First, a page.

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brabzzz

A couple of newbie BASE gear questions...

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Disclaimer - i have read much of the recommended reading (and, hearning the collective sigh of 'here we go again', I'm very aware there questions have been ad infinium on this, and other, forums). However, I'm strangely compelled to post regardless... :S

One word answers would be cool. A brief reason brilliant - and feel free to ignore my minds ramblings on point 6.

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Non-articulated, non-B52'd container, vented canopy .34v, 38v, 42v and 46 non-v PCs. Norway FJC in July, then 10 days out there.

1) Lineover modded toggels. Yay or nay for a first rig? I am aware Toms article advoctes against their use, but some manufacturers consider them 'standard'? I can see both sides of the argument...but can't form an opinion. There is enough debate here/elsewhere to mean there is obviously no right answer!

2) Dynamic corners? I have absolutely no plans for wingsuit base for the mo. Enough shit to think about as it is -and if the future goes down that path, i'll drop the $$$. Will 'enclosed' corners make packing easier/not be detrimental to openings?

3) There are little hole and big hole mesh sliders. For the sake of a few quid, do i want/need both?

4) Windloading. The biggest one will put me at about 0.675, the 2nd biggest at 0.73, assuming buttnaked weight + 10kg (though that will vary with gear carried, future fatness etc). To err on the side of caution - or would that invite those flying backwards situations?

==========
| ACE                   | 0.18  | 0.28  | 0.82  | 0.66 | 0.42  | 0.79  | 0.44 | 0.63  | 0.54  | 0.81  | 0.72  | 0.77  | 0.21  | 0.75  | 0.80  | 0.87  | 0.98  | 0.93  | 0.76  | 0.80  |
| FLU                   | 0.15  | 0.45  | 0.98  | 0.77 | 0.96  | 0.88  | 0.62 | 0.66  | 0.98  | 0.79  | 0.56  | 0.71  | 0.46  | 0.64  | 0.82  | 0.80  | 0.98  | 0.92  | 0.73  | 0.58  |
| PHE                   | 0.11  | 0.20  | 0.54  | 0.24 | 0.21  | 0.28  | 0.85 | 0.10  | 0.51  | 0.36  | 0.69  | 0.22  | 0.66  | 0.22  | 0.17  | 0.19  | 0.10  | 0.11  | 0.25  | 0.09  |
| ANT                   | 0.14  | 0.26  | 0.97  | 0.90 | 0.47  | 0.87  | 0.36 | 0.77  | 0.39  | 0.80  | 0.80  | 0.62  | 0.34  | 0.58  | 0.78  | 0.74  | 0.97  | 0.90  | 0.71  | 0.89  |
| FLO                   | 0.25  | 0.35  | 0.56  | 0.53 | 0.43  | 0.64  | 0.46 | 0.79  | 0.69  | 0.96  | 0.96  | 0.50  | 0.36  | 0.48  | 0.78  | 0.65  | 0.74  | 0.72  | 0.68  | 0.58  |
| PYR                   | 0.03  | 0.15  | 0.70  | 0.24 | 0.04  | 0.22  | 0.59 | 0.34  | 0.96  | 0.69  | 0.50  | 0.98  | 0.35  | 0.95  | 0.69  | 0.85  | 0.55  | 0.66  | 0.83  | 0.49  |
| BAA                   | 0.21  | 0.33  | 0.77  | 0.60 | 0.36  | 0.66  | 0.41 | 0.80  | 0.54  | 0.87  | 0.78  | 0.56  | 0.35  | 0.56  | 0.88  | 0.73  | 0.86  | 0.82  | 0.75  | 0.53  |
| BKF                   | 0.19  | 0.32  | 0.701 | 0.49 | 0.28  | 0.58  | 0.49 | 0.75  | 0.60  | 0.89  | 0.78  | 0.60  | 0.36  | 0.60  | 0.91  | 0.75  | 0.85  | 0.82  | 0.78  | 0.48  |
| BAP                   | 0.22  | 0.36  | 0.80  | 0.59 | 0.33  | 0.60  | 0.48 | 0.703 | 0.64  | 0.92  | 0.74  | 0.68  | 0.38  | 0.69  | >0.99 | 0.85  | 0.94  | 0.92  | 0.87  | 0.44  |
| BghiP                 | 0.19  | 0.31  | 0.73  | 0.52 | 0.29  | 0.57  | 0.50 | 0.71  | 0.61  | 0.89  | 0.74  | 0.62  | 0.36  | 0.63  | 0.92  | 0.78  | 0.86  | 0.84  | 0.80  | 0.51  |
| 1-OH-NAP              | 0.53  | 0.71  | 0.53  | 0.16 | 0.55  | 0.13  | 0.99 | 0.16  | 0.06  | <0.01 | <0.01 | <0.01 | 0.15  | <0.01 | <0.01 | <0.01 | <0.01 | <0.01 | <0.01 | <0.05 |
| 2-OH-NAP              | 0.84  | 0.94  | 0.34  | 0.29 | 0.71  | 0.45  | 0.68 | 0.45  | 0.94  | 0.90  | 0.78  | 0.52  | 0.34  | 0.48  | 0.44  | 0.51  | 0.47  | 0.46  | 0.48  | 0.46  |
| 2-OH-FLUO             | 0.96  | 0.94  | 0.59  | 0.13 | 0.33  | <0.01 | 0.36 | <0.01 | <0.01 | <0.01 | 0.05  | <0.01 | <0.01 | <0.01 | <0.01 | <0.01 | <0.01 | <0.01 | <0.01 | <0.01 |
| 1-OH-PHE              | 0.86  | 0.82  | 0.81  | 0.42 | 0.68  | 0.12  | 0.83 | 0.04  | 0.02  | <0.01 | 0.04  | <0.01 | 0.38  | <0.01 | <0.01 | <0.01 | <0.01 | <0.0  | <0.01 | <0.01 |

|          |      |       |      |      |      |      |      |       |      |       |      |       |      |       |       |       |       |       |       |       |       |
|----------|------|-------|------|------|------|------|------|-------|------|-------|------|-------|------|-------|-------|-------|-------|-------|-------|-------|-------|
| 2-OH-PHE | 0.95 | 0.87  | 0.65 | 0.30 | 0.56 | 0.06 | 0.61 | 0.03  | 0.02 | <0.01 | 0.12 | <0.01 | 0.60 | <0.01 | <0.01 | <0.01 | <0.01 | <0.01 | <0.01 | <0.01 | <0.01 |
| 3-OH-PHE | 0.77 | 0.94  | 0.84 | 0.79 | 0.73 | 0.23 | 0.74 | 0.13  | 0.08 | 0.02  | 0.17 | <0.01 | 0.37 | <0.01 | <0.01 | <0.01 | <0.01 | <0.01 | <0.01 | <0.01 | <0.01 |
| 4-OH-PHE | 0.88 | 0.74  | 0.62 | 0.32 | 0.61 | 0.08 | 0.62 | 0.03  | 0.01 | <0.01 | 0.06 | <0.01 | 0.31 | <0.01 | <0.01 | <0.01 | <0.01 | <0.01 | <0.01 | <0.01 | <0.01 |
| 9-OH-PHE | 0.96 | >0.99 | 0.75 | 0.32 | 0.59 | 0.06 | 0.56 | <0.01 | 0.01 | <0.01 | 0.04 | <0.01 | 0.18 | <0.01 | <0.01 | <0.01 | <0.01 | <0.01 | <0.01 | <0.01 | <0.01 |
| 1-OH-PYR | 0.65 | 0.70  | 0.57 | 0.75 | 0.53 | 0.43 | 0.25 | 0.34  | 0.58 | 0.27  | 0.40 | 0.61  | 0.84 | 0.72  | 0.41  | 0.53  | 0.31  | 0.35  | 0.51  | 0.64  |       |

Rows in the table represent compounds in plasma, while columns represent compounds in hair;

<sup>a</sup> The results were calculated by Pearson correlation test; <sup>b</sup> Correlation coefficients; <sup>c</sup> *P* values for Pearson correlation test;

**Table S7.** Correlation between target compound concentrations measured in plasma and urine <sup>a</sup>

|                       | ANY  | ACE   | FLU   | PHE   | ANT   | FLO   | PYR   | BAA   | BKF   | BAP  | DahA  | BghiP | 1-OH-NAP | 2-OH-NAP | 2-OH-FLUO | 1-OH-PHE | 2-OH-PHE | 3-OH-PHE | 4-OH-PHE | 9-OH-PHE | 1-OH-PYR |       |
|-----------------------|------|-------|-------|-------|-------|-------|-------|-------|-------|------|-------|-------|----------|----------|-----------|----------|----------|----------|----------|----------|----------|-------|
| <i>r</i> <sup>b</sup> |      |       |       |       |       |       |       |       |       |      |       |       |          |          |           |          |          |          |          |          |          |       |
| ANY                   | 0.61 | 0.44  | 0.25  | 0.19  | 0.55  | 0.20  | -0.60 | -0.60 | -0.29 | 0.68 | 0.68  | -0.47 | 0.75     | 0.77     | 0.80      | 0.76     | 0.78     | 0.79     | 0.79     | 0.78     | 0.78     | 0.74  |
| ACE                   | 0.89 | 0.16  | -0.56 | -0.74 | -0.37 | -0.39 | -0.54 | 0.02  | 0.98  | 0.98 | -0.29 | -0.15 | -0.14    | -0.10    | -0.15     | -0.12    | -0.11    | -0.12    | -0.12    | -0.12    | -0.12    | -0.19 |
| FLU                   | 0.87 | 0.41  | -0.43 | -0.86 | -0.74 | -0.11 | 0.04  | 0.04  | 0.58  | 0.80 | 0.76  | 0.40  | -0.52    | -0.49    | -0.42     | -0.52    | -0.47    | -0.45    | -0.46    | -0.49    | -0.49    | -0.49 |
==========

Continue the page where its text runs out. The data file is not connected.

5) One manufacturer advocates that the advantages of venting outweigh the (perhaps momentary) inflation delay on a 46'. I can't help but think that on soemthing requiring a 46' (i know people shorter than that!) i'd have the opposite preferences. Is this another debatable topic, or am i plain wrong? Not that i plan to be soemwhere where that 0.001s matters for a LONG time!

6) Velcro or Pins (I hear the colective sigh change to a 'WTF!'). There was a previous argument for velcro based around the idea that 'so much more can go wrong and it'll still work'. Wheras on a 2 pin rig, I'm not too happy with the idea of needing 2 pins to be TOTALLY out for it to open. There's no reserve and no tertiary method (cypres) to save my ass - so those pins -both- need to work perfectly. Wheras velcro can fail non-fatally in certain respects and it's performance might have a wider 'bell curve', pins are all or nothing. There is that, the packing 'advantage' and there extra simplicity (though i appreciate either has the potential to go very wrong if screwed up). There are technical benefits to pins, but my main reason for wanting velcro are those described - mainly the fact i simply don't such a blind faith in anything to work -perfectly-. Velcro doesn't (within reason) have to and that alone would make me calmer...i think. :S

My only concern is therefore big walls (norway fjc...). I have seen the vids of crazy aussies doing aerials with velcro. I realise i might be irrational in my distrust of pins, but is this an issue (no wingsuit, no aerials)? Is the 'velcro for beginners' argument less accepted that it has been in previous years - sales stats and number of recommendations for pins seems (based on dick all 'real' data) lower than several years ago.